Lloyd’s of London takes a £6bn hit from Covid claims its worst result in three years
TheLloyd’s of London insurance marketplace has suffered its worst result in three years after taking a £6billion Covid hit.
Lloyd’s, which has been a key business in the City for more than 330 years, slumped to a loss of £900million in 2020 from a £2.5billion profit the year before.
The insurance syndicates who make up the market have been lumped with mounting payouts for issues such as business interruption and event cancellation.
Covid slump: Lloyd’s of London insurance, which has been a key business in the City for more than 330 years, slumped to a loss of £900m in 2020 from a £2.5bn profit the year before
They typically provide cover for major events such as the Olympics and Wimbledon, both of which were cancelled last year.
Chief executive John Neal said it had been an ‘extremely challenging year’ with the ‘triple threat’ of coronavirus, a large number of natural catastrophe claims and Brexit.
But he added: ‘Against this unprecedented backdrop we have made good progress across our performance, digitalisation, and culture transformation plans.
Our disciplined underwriting approach and determination to become the world’s most advanced insurance marketplace have set us up for real success this year.’
Lloyd’s, which is one of the few marketplaces in the City where business is still done face-to-face rather than digitally, has come under pressure to change its culture in recent years amid reports of bullying and harassment.
A survey conducted by the Banking Standards Board in 2019 found almost 500 people working at Lloyd’s had suffered or seen sexual harassment over the past 12 months.
It has a target of getting women into 35 per cent of leadership positions across the market by the end of 2023, and is trying to improve its ethnic diversity.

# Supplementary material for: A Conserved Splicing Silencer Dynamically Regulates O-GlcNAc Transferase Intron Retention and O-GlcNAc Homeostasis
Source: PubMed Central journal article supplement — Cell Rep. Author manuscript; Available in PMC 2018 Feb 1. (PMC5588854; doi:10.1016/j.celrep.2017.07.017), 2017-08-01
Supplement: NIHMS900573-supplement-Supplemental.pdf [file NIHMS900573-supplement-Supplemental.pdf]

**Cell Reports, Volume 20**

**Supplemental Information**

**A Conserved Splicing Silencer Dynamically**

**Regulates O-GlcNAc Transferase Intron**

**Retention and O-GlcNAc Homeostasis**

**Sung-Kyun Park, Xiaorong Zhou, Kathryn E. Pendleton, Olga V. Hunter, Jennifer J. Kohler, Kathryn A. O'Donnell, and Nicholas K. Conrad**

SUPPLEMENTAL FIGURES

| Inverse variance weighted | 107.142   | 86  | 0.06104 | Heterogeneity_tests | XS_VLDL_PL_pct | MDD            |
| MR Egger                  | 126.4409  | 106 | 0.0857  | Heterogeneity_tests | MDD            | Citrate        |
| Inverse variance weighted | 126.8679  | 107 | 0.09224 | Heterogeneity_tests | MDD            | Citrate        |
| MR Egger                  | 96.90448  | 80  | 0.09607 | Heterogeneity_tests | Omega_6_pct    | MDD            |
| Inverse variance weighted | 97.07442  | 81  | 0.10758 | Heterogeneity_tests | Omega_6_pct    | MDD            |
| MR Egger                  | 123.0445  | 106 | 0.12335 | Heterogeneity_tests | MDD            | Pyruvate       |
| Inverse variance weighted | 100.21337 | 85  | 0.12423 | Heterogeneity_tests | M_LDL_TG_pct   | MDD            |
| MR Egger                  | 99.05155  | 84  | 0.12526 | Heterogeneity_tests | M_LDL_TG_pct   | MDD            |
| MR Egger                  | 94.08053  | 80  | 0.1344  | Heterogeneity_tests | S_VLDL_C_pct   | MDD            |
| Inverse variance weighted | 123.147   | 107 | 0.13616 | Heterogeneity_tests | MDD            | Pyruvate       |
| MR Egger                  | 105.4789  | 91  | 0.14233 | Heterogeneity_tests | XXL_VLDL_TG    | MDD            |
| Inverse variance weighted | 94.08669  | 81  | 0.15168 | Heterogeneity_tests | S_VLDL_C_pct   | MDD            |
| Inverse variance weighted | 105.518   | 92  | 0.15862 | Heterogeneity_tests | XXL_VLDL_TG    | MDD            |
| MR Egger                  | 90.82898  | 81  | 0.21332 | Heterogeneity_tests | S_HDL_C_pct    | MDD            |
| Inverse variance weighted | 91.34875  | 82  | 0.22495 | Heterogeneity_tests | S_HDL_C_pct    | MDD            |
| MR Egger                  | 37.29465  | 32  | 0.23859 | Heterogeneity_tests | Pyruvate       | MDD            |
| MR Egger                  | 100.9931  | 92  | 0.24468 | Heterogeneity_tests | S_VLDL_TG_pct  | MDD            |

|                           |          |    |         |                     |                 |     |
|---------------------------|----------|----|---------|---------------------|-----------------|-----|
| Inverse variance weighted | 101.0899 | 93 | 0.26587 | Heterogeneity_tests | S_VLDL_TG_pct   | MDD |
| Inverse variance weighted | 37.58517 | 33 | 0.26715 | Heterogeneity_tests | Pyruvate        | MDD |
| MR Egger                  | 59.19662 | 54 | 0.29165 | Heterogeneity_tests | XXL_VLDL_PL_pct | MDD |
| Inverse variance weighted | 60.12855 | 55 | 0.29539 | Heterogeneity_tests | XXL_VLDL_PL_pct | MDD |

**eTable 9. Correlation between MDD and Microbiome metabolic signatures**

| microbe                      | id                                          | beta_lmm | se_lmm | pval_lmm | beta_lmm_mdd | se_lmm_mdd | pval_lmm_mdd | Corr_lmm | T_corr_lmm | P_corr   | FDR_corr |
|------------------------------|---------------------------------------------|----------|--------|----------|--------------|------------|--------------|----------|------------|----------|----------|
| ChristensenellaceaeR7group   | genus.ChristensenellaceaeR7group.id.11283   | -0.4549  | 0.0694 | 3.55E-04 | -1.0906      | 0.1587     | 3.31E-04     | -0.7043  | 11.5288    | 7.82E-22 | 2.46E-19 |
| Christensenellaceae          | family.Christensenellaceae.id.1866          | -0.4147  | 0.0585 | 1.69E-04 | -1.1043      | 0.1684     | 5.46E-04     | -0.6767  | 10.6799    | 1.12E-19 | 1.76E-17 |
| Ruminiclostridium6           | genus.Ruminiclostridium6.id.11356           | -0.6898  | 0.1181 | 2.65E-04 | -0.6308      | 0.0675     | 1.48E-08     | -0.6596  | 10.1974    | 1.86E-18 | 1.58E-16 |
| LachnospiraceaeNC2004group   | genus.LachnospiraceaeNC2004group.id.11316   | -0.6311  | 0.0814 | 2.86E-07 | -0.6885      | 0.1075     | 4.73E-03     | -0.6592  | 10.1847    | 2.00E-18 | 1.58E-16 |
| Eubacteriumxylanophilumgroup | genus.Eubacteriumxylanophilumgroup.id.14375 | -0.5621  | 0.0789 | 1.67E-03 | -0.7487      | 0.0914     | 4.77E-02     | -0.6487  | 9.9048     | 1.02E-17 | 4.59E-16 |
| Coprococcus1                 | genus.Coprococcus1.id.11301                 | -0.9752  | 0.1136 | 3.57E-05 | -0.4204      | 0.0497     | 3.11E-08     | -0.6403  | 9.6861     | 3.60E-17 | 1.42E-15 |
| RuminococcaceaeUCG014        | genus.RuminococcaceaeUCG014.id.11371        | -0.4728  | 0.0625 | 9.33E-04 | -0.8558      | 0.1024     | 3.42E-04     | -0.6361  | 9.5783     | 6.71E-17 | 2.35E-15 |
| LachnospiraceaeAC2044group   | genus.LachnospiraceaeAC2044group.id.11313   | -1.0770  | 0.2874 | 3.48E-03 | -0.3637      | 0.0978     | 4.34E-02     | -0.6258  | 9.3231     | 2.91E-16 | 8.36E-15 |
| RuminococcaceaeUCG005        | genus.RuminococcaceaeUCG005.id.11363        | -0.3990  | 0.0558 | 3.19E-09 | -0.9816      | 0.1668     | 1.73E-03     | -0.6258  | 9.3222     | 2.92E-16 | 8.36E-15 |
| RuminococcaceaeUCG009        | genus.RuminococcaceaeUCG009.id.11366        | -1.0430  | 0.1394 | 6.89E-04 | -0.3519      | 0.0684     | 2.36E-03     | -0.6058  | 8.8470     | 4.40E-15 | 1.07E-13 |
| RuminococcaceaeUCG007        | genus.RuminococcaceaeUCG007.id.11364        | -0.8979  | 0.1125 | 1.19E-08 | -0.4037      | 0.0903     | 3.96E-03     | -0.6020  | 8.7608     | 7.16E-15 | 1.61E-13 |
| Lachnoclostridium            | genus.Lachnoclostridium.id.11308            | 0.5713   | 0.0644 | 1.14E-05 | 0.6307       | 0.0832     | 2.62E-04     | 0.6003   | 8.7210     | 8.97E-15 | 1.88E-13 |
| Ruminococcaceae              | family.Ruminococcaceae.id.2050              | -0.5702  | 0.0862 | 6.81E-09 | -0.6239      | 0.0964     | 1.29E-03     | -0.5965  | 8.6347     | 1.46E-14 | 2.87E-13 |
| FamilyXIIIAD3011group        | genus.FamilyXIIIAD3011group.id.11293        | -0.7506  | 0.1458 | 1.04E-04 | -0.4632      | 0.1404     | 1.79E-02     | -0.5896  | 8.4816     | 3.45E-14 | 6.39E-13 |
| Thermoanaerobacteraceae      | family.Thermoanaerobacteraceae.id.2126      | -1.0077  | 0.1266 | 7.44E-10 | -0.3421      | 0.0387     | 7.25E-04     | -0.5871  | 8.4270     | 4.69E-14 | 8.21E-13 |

Trade body the London & International Insurance Brokers’ Association has also recommended that Lloyd’s should ditch its ‘stuffy dress code’, as it still demands workers in its City tower must dress more smartly than at most of the surrounding banks.
But Neal said there were ‘pockets of resistance’ within the marketplace.
He told the Financial Times: ‘Obviously the brokers are not so readily within our control.
‘But we can prevent access to the building, so if people aren’t behaving in accordance with the standards we set, then they are not welcome to come in. It hasn’t actually got to that point.’
The famous underwriting room at Lloyd’s, where insurers usually receive queues of brokers to their desks to haggle over the terms of contracts, closed for a second time in January as the pandemic caused an unprecedented shift to home-working.
It is due to reopen in May – although only with a much-reduced capacity of a few hundred people. It is looking at ways it can use technology to make workers’ and customers’ lives easier.